Writings, 1953

Pages from a Non-Existent Diary

In a talk that was possibly never given, Bergman describes his views on filmmaking.

“A director is like an organist seated at a gigantic organ, and the notes are in the script.”

About the text

The style at least is reminiscent of Bergman’s other (relatively few) lectures from this period:

So far, we make our films in a partially automated fashion, constricted by economic factors, routine, lack of imagination, and consequently a sense of suspicion towards anything that seems experimental.

I have a definite feeling that we have only been playing with the pinkie finger of a giant - a colossus who slumbers yet in the darkness, of whom I can on occasion catch a brief but dizzying glimpse.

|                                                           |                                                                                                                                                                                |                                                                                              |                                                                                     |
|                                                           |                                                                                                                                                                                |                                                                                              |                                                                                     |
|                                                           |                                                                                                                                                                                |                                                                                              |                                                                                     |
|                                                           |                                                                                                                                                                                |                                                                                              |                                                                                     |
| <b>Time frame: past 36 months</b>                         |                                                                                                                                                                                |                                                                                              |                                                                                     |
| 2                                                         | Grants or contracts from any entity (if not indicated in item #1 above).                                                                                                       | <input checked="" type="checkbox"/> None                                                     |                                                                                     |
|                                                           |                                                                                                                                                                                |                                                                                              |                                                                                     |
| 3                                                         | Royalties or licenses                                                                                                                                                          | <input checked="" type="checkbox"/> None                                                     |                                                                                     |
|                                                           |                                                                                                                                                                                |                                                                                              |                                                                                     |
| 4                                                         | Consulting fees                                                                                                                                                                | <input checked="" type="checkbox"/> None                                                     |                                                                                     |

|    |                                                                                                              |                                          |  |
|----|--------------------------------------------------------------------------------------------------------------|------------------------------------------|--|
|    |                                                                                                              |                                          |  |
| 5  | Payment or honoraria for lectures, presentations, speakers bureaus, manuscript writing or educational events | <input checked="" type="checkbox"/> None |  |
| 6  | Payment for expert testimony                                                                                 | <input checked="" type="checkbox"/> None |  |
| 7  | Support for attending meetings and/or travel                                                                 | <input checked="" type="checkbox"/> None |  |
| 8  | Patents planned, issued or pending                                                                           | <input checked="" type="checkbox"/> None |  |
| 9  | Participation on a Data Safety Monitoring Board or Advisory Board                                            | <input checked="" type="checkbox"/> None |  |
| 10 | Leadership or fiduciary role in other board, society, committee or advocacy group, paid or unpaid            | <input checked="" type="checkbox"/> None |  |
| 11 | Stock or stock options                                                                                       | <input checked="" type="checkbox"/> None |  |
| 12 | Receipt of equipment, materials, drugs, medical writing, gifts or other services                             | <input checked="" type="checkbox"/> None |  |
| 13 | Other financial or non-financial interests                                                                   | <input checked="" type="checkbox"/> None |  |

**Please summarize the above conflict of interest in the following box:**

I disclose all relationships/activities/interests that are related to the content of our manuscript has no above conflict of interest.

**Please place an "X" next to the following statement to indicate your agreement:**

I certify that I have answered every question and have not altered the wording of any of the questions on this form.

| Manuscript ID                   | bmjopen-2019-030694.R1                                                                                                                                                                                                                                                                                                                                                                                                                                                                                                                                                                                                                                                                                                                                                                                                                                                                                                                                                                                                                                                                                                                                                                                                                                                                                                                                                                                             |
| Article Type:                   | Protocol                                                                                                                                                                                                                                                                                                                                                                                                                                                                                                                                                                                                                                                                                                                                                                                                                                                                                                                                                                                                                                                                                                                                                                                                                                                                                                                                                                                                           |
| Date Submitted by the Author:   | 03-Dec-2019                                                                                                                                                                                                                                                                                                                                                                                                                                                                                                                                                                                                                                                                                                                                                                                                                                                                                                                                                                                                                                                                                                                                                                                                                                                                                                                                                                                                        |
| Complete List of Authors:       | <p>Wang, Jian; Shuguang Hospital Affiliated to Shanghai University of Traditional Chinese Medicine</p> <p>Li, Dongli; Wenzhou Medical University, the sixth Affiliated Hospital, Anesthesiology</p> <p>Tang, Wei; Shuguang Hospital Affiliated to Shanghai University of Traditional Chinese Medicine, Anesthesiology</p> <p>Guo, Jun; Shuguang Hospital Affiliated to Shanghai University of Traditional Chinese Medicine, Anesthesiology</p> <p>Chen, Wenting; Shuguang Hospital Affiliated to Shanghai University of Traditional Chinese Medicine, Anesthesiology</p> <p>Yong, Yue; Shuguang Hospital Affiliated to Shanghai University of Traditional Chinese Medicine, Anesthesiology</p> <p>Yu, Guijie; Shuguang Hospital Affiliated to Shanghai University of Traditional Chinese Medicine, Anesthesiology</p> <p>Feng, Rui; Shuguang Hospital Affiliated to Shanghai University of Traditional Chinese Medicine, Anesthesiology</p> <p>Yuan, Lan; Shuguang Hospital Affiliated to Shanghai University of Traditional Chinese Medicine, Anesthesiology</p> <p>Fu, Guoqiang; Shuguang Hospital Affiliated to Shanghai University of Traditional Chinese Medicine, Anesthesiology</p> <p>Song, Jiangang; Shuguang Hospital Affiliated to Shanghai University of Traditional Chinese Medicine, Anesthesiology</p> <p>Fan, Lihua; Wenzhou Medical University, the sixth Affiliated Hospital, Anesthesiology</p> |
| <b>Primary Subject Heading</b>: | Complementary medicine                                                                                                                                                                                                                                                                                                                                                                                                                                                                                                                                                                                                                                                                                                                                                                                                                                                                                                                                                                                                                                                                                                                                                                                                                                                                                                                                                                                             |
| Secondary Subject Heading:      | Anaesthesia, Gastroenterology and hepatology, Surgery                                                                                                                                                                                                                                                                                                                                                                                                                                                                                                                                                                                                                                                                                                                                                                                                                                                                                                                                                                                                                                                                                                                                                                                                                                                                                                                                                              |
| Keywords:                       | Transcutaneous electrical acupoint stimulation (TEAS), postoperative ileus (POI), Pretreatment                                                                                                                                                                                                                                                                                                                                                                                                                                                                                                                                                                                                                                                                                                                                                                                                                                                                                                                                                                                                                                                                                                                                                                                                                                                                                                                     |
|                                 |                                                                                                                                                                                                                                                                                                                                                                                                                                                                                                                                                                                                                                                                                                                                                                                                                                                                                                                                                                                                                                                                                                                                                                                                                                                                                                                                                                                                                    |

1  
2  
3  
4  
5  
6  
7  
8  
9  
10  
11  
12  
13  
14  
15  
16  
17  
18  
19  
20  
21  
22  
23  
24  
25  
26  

A director is like an organist seated at a gigantic organ, and the notes are in the script. The organ is made up of innumerable connections, pedals, pipes, stops et cetera. But they’re not labelled “Flûte” or “Principal” or “sixteen-footer,” but Photographer, Objective, Film, Architect, Laboratory, Clipper, Electrician, Actor, Makeup Artist, Composer, Mixing and so forth in a never-ending series.

In order to play this organ, one needs two things above all: know-how and stamina. Inspiration is good, too, but it’s nothing to depend on. On the contrary, it should be treated with distrust.

While the organist is of course the one playing, it is all the different parts of the organ that ultimately bring forth the music. If the organist forgets this fact, they’re an idiot, and furthermore a terrible organist; if the parts of the organ forget this fact, they must be repaired or replaced.

Film is a one-man undertaking just as much as it is a collaborative effort: everyone is collectively dependent on the capabilities of everyone else, even though the notes themselves – the script – have ultimate importance.